In 1983, there was a significant ruling made by the Supreme Court. The ruling echoed something that had already been done more than 100 years prior to it — namely that debtors’ prison, which is the idea that a person who can’t pay his or her court costs and fines should be jailed, are illegal. But there was a stipulation in the ruling that said if a person had the financial means to pay the fees and fines but refused to pay, then he or she could be thrown in jail.
This stipulation has given rise to what amounts to the figurative reinstitution of debtors’ prison. In order to determine if a person is willfully refusing, it is left up to a judge to decide. Judges don’t always get this right, because it is inherently a subjective decision. No one would be immune to making a mistake if they were in the judge’s chair.
However, it raises the question of whether we should be tossing people in jail for failing to pay their court fees and fines. Obviously by the letter of the law, it can’t happen except under specific circumstances. But those circumstances are being applied much more regularly.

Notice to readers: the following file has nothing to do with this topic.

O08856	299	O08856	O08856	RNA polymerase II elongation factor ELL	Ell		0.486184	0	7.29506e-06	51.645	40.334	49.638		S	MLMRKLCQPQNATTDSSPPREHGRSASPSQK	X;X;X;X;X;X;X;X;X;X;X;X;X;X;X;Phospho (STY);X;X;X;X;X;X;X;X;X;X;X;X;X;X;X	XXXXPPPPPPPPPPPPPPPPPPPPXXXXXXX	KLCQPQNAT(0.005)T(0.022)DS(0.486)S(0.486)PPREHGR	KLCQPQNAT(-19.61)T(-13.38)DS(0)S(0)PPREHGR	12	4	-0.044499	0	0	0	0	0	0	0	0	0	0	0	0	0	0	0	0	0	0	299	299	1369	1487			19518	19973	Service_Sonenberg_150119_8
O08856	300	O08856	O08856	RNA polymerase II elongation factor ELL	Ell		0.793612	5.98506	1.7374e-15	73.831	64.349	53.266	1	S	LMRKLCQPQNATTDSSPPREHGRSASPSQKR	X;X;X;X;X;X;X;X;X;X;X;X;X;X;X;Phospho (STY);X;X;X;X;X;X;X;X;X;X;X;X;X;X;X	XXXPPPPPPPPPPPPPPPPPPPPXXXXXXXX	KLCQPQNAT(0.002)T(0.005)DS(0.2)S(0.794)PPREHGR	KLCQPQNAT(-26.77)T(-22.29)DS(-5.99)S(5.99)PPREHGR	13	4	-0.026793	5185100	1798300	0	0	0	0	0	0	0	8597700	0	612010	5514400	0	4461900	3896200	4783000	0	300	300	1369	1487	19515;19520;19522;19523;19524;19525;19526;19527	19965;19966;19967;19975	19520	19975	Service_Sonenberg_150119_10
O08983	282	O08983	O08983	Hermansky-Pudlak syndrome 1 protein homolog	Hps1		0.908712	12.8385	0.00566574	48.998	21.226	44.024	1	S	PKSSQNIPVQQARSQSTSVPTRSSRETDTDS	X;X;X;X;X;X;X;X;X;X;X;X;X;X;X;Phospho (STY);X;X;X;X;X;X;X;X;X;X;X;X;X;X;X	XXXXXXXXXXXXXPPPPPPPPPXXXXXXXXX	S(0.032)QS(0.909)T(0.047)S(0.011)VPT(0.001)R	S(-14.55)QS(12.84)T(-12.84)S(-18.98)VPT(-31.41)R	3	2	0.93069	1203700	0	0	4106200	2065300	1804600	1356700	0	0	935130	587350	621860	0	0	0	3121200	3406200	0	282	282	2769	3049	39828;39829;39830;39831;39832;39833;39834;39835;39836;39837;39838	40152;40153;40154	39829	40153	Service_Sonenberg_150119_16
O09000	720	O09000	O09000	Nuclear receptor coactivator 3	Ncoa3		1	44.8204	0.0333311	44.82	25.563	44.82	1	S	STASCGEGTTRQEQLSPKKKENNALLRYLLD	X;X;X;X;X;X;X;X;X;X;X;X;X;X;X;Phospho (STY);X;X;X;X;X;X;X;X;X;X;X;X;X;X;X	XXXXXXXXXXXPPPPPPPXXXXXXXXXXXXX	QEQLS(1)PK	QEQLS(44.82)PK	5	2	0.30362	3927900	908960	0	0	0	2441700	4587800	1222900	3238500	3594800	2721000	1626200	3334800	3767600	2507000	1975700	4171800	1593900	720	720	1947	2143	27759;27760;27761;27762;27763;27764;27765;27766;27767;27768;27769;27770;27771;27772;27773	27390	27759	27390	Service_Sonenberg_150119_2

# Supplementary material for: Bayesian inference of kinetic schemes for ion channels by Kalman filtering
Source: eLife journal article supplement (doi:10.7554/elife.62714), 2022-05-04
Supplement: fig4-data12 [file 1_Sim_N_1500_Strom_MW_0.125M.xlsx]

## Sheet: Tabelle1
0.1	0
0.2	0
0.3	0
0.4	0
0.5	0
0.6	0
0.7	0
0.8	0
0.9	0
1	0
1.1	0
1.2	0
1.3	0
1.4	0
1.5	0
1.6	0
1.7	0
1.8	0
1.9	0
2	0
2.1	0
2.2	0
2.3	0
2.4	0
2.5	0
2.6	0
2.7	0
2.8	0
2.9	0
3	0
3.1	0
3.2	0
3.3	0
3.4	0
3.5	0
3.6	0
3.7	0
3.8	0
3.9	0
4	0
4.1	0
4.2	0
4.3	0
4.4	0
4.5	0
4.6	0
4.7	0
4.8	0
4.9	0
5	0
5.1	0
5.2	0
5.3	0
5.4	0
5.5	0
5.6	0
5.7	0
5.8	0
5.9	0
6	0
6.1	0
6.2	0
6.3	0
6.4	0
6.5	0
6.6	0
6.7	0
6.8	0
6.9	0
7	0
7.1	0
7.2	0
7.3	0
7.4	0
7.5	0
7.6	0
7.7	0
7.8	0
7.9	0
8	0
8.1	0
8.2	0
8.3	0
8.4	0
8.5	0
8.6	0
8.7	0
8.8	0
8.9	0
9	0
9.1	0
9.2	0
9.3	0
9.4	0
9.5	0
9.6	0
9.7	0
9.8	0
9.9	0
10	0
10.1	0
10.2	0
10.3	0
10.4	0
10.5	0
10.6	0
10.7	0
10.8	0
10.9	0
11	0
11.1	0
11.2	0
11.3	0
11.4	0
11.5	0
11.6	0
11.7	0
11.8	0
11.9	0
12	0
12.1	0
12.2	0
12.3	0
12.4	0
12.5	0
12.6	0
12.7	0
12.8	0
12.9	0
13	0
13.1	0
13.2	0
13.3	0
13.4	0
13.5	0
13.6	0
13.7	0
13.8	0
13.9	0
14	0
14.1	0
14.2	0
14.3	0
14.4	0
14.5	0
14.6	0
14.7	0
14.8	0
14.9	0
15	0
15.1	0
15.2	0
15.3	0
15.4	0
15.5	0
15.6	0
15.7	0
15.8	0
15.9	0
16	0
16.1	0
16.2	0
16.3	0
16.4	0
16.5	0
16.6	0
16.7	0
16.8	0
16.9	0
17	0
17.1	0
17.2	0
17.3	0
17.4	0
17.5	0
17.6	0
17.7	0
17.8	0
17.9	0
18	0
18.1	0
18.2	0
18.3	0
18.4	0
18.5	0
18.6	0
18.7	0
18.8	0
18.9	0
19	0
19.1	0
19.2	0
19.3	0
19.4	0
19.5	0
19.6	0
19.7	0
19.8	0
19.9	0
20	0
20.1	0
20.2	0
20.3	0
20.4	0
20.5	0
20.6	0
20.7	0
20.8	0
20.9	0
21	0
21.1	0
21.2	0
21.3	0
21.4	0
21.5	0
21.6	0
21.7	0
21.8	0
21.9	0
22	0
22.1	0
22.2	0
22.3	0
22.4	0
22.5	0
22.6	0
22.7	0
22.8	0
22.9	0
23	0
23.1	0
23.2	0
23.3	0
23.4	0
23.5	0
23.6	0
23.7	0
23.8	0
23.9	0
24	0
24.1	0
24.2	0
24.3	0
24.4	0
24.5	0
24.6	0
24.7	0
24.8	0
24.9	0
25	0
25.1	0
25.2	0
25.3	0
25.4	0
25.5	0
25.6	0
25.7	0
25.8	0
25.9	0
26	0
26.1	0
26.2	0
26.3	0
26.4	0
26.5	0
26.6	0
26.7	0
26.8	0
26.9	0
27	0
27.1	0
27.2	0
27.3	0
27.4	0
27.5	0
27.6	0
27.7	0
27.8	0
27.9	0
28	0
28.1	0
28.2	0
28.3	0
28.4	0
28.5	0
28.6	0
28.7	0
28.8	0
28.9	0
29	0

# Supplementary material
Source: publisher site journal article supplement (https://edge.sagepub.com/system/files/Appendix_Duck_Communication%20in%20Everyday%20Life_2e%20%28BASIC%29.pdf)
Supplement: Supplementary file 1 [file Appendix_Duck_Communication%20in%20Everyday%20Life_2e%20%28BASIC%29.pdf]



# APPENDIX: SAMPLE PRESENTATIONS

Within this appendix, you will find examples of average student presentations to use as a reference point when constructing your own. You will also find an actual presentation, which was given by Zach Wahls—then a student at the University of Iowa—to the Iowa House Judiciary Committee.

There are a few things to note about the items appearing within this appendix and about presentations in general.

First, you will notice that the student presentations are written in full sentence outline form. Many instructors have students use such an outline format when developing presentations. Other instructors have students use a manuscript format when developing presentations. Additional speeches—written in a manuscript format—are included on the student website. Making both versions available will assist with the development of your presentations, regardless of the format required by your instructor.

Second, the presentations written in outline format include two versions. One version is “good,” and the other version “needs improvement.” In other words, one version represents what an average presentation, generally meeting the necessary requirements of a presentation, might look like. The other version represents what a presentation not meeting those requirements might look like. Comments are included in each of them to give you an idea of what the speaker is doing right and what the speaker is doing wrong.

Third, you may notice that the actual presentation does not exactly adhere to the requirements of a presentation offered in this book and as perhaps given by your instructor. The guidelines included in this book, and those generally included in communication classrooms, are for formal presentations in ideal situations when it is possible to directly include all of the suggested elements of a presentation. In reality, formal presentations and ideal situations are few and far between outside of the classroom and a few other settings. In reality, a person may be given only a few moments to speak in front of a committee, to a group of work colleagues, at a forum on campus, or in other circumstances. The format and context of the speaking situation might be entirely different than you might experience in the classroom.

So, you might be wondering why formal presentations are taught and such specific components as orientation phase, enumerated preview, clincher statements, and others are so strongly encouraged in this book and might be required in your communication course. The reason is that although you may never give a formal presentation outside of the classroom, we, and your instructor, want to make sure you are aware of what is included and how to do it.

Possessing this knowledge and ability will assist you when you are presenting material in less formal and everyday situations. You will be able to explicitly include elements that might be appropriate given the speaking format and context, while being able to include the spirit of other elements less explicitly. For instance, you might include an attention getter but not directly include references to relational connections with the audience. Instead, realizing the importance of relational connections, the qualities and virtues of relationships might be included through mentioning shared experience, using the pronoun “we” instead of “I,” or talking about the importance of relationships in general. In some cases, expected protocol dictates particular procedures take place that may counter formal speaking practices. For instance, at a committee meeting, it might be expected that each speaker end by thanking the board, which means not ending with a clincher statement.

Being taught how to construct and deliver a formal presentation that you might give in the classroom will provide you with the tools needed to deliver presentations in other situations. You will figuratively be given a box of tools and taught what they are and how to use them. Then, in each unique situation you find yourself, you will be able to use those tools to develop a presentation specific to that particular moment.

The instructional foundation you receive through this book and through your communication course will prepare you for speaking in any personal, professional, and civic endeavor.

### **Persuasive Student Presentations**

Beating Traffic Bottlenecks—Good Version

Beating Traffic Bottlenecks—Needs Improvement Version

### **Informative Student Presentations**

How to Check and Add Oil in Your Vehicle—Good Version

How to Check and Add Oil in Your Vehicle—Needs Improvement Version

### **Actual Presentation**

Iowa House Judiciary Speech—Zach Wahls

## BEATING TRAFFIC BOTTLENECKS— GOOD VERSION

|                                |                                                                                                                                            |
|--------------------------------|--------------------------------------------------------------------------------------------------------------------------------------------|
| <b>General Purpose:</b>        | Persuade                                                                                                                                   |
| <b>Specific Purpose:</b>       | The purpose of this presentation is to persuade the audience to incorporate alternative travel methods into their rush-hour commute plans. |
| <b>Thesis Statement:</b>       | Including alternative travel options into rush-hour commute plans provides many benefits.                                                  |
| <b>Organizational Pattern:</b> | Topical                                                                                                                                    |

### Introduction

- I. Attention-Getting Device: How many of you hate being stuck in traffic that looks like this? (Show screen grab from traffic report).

Court fees, fines and penalties are used far more frequently nowadays, and more people are unable to pay them off. Combine these two factors and we are seeing the inevitable rise of debtors’ prison cases. People who are accused of crimes and have financial obligations that are associated with these crimes need to consult their criminal defense attorney to make sure they are compliant. If their financial situation makes this impossible, then they should still talk to their lawyer to ensure they are going about the criminal process properly.
Source: NPR, “Unpaid Court Fees Land The Poor In 21st Century Debtors’ Prisons,” Renee Montagne, May 20, 2014